Commercial real estate brokers in St. George, SC

  • Property Management
  • Construction Management
  • Construction Management
  • Investment Analysis
  • Property Development
  • Property Development
Commercial real estate
Commercial Real Estate St. George, SC

With an average of 230 days of sunshine each year, a low cost of living, and endless recreational activities, Charleston is a joy to call home. As the second most popular place to live in the U.S., metro Charleston is booming, not only with new residents but with new construction and property investment opportunities too. But with the Tri-County's rapid rate of growth comes increased real estate demand and complexity. That's especially true for commercial real estate transactions. According to CoStar, near-zero vacancy rates and short supply have forced rents and sales to reach record highs. At the same time, online medical and grocery purchases, along with last-mile delivery needs, have driven a new desire for industrial space.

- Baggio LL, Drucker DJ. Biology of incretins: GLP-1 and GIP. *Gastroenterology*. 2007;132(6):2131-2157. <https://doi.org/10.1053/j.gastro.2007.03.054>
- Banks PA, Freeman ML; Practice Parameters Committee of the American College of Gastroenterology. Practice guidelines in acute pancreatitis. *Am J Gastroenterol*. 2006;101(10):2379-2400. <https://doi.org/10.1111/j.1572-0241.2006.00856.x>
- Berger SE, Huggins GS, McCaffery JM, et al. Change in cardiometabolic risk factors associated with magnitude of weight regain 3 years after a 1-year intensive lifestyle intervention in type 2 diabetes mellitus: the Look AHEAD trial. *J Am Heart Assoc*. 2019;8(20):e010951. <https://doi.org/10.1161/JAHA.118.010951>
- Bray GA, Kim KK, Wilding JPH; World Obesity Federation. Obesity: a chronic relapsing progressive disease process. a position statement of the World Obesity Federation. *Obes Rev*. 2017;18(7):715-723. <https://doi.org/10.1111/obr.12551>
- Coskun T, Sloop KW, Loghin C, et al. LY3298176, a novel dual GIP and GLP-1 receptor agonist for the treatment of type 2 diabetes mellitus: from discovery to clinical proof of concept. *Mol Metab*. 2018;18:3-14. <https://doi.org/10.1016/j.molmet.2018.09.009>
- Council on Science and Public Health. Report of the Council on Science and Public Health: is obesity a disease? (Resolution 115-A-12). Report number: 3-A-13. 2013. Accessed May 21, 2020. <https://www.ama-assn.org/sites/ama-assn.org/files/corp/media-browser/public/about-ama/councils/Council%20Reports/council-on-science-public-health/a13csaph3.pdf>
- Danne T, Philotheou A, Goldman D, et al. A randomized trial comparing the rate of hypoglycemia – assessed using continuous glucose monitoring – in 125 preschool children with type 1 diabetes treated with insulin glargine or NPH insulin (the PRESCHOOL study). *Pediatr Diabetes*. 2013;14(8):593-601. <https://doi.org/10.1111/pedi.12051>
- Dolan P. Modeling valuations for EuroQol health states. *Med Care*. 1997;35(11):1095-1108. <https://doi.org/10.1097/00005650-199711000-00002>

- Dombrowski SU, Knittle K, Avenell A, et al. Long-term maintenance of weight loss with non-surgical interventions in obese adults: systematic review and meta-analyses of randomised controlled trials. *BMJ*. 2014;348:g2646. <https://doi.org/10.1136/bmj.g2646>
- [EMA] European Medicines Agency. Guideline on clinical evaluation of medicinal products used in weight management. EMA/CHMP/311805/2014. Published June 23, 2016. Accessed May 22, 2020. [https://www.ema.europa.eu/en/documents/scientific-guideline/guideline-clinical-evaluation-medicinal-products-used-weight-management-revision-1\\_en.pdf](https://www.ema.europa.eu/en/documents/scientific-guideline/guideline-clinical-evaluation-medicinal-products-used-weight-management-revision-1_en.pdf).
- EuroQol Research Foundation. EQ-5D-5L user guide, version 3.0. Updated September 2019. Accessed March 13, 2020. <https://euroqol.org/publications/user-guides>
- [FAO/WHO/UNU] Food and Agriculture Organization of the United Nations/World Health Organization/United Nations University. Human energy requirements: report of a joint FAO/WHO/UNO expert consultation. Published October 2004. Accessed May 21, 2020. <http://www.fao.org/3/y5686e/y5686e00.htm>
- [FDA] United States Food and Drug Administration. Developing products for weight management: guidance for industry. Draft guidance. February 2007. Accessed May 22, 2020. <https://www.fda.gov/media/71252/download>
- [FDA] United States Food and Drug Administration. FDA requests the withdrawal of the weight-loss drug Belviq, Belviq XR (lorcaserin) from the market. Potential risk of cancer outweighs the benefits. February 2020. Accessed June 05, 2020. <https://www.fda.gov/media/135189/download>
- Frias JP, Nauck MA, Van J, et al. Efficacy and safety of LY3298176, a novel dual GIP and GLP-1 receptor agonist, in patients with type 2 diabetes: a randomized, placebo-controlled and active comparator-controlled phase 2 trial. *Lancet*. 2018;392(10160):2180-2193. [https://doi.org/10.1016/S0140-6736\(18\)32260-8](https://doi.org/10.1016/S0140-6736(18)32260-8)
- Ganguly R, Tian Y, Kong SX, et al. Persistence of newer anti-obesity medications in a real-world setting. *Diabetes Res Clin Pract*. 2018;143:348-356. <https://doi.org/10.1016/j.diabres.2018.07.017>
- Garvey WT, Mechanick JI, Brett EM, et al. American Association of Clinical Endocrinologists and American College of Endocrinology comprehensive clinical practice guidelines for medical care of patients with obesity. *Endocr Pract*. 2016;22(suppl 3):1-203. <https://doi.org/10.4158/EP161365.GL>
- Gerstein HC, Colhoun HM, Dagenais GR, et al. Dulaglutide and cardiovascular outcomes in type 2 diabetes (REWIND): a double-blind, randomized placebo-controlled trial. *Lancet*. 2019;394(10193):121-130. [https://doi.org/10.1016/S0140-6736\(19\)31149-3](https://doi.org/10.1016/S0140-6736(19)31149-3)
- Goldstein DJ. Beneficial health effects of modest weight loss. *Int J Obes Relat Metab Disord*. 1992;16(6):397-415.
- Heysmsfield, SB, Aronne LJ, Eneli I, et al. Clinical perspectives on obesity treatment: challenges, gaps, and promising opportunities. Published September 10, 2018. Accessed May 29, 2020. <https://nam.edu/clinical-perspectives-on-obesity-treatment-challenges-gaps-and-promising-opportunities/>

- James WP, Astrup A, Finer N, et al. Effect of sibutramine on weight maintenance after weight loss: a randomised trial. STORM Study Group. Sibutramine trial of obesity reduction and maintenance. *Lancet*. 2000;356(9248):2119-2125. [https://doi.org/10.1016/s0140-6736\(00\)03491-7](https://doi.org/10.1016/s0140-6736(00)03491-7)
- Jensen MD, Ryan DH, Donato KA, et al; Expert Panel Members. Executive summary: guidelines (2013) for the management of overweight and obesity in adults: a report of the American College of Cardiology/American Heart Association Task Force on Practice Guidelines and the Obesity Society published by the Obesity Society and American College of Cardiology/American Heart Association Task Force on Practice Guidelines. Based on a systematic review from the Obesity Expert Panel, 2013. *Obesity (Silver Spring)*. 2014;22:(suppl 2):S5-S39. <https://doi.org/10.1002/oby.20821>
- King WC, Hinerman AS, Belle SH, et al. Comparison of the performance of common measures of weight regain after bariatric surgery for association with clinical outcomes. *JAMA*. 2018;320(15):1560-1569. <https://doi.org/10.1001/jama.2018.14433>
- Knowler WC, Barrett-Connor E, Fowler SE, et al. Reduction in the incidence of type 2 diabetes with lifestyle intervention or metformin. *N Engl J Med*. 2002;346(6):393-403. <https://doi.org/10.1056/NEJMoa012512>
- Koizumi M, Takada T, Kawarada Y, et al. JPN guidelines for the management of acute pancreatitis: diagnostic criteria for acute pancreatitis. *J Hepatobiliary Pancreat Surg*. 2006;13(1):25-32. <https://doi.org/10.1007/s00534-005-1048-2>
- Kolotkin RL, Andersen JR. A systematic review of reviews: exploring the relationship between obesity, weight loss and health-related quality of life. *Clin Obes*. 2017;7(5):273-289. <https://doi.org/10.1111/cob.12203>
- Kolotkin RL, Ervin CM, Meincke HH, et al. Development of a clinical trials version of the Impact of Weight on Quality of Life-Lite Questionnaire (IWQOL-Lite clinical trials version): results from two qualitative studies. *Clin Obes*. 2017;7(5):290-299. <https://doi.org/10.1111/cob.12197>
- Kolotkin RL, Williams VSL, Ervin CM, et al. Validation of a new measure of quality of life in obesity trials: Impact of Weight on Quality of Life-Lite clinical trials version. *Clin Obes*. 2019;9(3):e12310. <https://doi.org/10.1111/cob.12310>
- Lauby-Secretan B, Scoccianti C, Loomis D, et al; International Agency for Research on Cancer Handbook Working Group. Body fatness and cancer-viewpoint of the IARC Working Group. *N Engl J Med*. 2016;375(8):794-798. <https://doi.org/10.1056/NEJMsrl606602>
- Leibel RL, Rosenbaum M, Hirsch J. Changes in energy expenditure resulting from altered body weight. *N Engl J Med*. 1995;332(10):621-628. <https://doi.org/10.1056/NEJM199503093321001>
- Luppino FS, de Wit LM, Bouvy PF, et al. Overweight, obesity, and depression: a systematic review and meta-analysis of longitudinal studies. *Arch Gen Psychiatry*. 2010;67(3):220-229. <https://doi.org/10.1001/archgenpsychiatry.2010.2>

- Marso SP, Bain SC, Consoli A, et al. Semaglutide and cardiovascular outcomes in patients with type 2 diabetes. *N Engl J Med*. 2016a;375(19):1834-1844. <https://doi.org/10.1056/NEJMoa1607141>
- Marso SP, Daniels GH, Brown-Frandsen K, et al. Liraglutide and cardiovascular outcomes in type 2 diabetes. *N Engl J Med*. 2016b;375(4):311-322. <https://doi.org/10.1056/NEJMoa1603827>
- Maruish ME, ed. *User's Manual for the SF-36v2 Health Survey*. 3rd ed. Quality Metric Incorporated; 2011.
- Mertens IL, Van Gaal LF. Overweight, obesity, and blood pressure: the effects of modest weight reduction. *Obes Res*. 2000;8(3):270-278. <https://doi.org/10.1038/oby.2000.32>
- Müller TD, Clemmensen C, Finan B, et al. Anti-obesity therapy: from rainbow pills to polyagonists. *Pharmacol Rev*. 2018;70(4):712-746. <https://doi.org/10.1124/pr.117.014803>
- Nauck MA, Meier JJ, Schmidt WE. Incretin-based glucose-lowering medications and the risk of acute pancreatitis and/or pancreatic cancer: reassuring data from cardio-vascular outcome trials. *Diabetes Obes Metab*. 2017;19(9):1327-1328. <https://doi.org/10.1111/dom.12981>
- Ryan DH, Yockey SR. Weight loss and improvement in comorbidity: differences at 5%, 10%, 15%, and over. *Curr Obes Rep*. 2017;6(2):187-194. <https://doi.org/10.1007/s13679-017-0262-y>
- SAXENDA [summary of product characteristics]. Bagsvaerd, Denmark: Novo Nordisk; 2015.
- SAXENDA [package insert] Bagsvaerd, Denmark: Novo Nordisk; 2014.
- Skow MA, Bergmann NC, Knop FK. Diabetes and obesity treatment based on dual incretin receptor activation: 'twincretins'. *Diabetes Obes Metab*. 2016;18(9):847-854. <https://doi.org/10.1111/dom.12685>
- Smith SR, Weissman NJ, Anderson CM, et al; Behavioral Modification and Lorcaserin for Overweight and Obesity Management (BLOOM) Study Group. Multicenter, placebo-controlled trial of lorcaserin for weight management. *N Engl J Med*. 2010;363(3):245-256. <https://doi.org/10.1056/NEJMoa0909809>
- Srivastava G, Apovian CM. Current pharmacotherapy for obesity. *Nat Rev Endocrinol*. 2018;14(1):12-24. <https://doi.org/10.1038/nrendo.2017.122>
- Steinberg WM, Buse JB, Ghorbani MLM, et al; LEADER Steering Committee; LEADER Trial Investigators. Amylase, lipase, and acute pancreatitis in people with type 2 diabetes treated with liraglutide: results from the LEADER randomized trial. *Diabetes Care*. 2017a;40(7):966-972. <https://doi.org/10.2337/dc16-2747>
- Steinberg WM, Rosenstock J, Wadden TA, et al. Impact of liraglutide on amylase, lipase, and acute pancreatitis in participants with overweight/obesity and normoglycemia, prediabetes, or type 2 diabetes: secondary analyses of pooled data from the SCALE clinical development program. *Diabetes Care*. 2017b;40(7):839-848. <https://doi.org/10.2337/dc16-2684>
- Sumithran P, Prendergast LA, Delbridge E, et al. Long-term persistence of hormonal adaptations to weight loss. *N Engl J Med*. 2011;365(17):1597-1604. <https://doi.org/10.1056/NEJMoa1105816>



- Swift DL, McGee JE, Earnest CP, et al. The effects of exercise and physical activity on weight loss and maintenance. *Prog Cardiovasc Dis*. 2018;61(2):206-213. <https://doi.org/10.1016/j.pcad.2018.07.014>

It's safe to say that there is a lot of opportunity on the table for commercial real estate sellers and investors in South Carolina. But capitalizing on that opportunity without the proper market knowledge, relationships, or risk analysis can actually be counterproductive to your goals. That's where Coldwell Banker Commercial Atlantic's commercial real estate brokers in Charleston, SC, come into play.

As experts in the commercial real estate industry for more than 37 years, our brokerage provides the highest level of service to clients in today's rapid, constantly-changing business climate.

Service Areas

The Coldwell Banker Commercial Atlantic Difference

At Coldwell Banker Commercial, we pride ourselves on having local power and a global presence. Our clients entrust their complex and lucrative commercial real estate deals to us because they understand the value of working with brokers who are familiar faces within the community. On any given day, you could be standing next to one of our brokers at a grocery store or local restaurant. As your friends and neighbors, we're proud to call the Lowcountry home. Though we have local roots, our resources and expertise are backed by a global network. That power gives our commercial real estate clients peace of mind, knowing they have access to a dynamic and diversified brokerage of highly-trained and educated agents.

 Commercial Real Estate Brokers St. George, SC